Wednesday 19 June 2019 - Monocle Minute | Monocle

Wednesday. 19/6/2019

The Monocle Minute

Image: Alamy

Opinion / Nolan Giles

Chain reaction

Most cities are designed with cars in mind so the idea that our urban fabric could be woven around cyclists might seem far-fetched. But according to the team behind the Bicycle Architecture Biennale (BAB), which is running in Amsterdam until Friday, urban planners ought to be looking to the humble two-wheeler when thinking about our future.

BAB’s organisers want 50 per cent of all city trips to be made by bike by 2030. This lofty goal is being promoted with an exhibition of smart cycling infrastructure, which will soon tour the globe. Highlights include the world’s longest suspended bike path in China, and an underground parking facility in the Netherlands that shows how dense cities can increase their capacity for cycle storage.

Seeing these efforts makes it easier to envision a new future for cities – one that’s based on mobility provided by a more environmentally friendly mode of transport than the car. And with the proliferation of electric bikes, residents have even less of an excuse to not get pedalling in support of the BAB’s worthy agenda.

Image: Reuters

Politics / Egypt

Outside the law

On Monday the former president of Egypt, Mohamed Morsi, collapsed and died in a courtroom in Cairo, where he was being tried on espionage charges. Authorities reportedly barred him from vital medical care, keeping him in solitary confinement for 23 hours a day. “Amnesty International called Morsi’s solitary confinement a sort of torture,” Steve Crawshaw, director of policy and advocacy at Freedom from Torture, told The Briefing. “In the Mubarak regime the outcry surrounding torture helped bring down the government but such practices have continued. What is saddening is not just the brutality here but the lawlessness that goes with the continued use of torture.” It’s a lamentable step backwards for Egypt.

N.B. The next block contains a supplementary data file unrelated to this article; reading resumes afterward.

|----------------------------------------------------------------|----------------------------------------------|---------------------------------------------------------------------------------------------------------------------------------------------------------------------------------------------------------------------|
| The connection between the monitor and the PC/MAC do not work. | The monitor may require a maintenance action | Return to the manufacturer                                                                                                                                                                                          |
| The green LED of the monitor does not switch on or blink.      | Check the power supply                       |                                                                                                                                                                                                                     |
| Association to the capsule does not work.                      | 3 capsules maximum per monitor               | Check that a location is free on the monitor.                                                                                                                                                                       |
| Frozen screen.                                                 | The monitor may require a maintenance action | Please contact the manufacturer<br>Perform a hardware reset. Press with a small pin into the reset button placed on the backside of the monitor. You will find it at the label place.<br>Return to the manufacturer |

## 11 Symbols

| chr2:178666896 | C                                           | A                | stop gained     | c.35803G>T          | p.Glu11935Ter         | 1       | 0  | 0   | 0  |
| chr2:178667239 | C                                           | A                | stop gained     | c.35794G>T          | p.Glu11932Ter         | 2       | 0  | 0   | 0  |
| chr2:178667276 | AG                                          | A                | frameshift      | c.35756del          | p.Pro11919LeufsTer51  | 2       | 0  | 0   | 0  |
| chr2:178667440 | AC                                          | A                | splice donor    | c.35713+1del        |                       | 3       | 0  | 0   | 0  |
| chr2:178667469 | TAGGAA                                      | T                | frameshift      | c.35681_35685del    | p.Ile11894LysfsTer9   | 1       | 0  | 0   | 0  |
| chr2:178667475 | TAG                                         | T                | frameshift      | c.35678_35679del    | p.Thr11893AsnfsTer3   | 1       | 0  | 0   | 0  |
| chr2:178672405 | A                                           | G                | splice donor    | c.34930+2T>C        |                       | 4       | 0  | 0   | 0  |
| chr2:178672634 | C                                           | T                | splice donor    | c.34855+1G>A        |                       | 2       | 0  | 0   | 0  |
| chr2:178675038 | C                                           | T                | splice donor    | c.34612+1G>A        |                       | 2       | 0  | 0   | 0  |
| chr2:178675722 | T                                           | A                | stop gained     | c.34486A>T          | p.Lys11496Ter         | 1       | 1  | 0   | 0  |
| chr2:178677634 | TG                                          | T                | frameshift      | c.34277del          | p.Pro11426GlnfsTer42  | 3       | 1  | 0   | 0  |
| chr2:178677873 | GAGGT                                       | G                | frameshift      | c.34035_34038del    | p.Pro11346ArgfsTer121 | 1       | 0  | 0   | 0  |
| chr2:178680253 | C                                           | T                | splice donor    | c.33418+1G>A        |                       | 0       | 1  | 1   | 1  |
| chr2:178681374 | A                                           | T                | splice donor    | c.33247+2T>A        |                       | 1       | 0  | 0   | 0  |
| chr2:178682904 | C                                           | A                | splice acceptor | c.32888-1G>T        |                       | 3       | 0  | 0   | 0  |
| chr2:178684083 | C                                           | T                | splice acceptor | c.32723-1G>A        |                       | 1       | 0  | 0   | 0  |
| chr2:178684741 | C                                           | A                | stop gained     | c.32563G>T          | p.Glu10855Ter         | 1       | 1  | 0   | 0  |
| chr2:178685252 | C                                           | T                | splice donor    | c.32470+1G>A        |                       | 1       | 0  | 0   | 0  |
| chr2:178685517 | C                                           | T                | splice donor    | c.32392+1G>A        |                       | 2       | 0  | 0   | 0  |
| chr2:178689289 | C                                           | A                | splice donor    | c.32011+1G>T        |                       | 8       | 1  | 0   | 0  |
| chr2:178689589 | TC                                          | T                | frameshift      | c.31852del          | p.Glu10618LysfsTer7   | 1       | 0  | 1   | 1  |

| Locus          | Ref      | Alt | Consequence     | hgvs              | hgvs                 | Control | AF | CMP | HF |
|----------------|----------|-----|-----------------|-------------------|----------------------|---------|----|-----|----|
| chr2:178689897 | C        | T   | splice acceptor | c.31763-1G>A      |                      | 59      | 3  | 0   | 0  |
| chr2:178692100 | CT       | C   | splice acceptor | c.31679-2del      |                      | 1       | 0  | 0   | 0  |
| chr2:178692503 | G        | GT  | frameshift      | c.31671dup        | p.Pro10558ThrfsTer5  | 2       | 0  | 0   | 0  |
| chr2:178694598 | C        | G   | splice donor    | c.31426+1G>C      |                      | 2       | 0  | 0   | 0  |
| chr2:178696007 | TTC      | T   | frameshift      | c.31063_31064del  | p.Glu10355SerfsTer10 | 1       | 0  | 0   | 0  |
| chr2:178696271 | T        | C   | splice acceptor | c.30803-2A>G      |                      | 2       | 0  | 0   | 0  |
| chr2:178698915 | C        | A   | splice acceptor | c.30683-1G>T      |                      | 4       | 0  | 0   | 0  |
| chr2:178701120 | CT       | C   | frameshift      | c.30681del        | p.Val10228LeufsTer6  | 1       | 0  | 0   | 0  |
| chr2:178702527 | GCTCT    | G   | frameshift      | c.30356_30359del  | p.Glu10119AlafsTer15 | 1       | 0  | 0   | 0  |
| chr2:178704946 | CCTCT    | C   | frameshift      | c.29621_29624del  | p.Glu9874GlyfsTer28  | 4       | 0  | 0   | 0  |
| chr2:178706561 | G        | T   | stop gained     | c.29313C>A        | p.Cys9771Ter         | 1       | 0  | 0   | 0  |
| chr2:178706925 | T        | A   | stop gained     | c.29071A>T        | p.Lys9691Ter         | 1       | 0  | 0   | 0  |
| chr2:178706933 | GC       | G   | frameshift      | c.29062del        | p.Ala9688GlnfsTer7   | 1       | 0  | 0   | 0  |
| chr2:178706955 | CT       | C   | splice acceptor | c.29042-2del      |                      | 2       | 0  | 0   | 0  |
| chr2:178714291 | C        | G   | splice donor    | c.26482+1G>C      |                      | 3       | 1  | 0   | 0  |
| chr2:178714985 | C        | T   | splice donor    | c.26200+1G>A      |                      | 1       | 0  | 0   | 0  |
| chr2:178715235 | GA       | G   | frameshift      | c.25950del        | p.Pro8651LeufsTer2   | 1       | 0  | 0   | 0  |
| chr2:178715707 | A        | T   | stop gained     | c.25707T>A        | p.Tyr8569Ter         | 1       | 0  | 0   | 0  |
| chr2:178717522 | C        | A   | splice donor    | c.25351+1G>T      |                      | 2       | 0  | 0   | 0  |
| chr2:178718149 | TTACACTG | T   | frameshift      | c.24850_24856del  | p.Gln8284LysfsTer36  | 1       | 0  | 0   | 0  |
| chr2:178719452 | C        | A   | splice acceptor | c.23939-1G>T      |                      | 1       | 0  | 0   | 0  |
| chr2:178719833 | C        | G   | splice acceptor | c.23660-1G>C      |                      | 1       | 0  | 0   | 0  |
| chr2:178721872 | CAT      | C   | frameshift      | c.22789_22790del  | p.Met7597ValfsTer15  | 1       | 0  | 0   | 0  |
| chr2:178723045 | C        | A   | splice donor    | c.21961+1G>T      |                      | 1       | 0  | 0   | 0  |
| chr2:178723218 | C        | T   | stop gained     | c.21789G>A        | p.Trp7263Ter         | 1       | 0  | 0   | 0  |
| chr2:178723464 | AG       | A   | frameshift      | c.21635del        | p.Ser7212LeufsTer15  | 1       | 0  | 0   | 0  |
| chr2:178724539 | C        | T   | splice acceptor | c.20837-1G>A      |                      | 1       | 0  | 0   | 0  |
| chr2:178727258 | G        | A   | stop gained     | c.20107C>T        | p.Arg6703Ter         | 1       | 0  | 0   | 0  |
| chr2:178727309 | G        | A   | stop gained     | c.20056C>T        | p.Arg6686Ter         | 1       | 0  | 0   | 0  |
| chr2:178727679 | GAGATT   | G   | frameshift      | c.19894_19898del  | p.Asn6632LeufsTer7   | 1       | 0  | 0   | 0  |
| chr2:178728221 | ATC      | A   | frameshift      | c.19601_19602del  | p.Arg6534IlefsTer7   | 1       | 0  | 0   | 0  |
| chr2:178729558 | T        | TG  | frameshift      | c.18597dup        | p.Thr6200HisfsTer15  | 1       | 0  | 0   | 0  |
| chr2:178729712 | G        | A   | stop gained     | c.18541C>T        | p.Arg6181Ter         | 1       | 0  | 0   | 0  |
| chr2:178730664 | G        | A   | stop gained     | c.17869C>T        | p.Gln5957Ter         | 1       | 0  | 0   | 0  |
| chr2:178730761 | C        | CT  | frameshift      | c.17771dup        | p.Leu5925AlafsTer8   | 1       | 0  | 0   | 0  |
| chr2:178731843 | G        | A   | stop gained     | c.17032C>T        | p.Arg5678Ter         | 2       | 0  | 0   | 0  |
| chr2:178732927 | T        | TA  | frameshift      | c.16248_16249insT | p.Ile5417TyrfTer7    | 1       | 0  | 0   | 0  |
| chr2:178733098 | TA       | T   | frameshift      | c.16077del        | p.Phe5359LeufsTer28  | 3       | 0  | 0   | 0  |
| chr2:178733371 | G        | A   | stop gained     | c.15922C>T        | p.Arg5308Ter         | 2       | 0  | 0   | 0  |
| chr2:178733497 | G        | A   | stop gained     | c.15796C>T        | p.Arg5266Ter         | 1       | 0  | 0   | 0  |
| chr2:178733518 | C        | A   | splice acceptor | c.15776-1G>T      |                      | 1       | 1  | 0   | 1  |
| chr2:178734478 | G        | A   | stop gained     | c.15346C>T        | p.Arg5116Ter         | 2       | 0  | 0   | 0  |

Image: Shutterstock

Business / Europe

Going, going, gone

What do an internet router and a Claude Monet painting have in common? They’re now both sources of income for French billionaire Patrick Drahi. This week the founder of multinational telecoms company Altice announced the purchase of UK auction house Sotheby’s for $3.7bn (€3.3bn). It’s an arrangement where both parties have something the other wants: Drahi will gain influence in the art world; the age-old auction house will be better equipped to keep pace with a fast modernising market. Updates in the pipeline reportedly include online auctions and the use of artificial intelligence to provide personalised recommendations for customers. Time will tell whether Drahi’s bid will make an impression.

Image: Alamy

Urbanism / Berlin

Developing story

Berlin’s long history of low-cost living looks set to continue with a proposal, approved yesterday, that will see rents frozen on 1.4 million properties for five years from 2020. The city’s strong employment market, allied to the lure of space, have seen housing costs double over the past decade. The Social Democratic party, a minority member of Germany’s coalition government, has pledged to champion rent control nationwide – but others are more cautious. Landlords would need to seek approval to raise rent during extensive renovations and the stringent regulations might deter developers from investing in the German capital. A balance between business and affordable living is healthy; Berlin is doing a better job of discussing it than London or New York.

Image: Shutterstock

Politics / Canada

Trouble for Trudeau

Canada’s general election is four months away but voter-preferences already seem to be hardening. Not around a particular candidate, per se, but regarding the kind of government that Canadians want to see representing them in Ottawa. In a recent study, 73 per cent of voters said that ethics will dictate who they cast their vote for; that doesn’t bode well for the government of prime minister Justin Trudeau, in light of the furore caused by the SNC-Lavalin political-interference scandal earlier this year. He can claim an economic uptick, a raft of marquee policy announcements and record-breaking monthly job-creation numbers posted in the months since the story broke. Alas, he may be about to find out that in politics, public perception can mean everything.

Image: Alamy

M24 / The Menu: Food Neighbourhoods

Port of Spain, Woodbrook

Monocle 24’s Rory Gooderick takes us to the capital of Trinidad and Tobago, home to an amazing mix of cultures – and cuisines.

Monocle Films / Sweden

The secret to building affordable homes

As part of our 'Secret to...' series we visit the architecture practice of Andreas Martin-Löf, which is reinventing residential housing in Stockholm.


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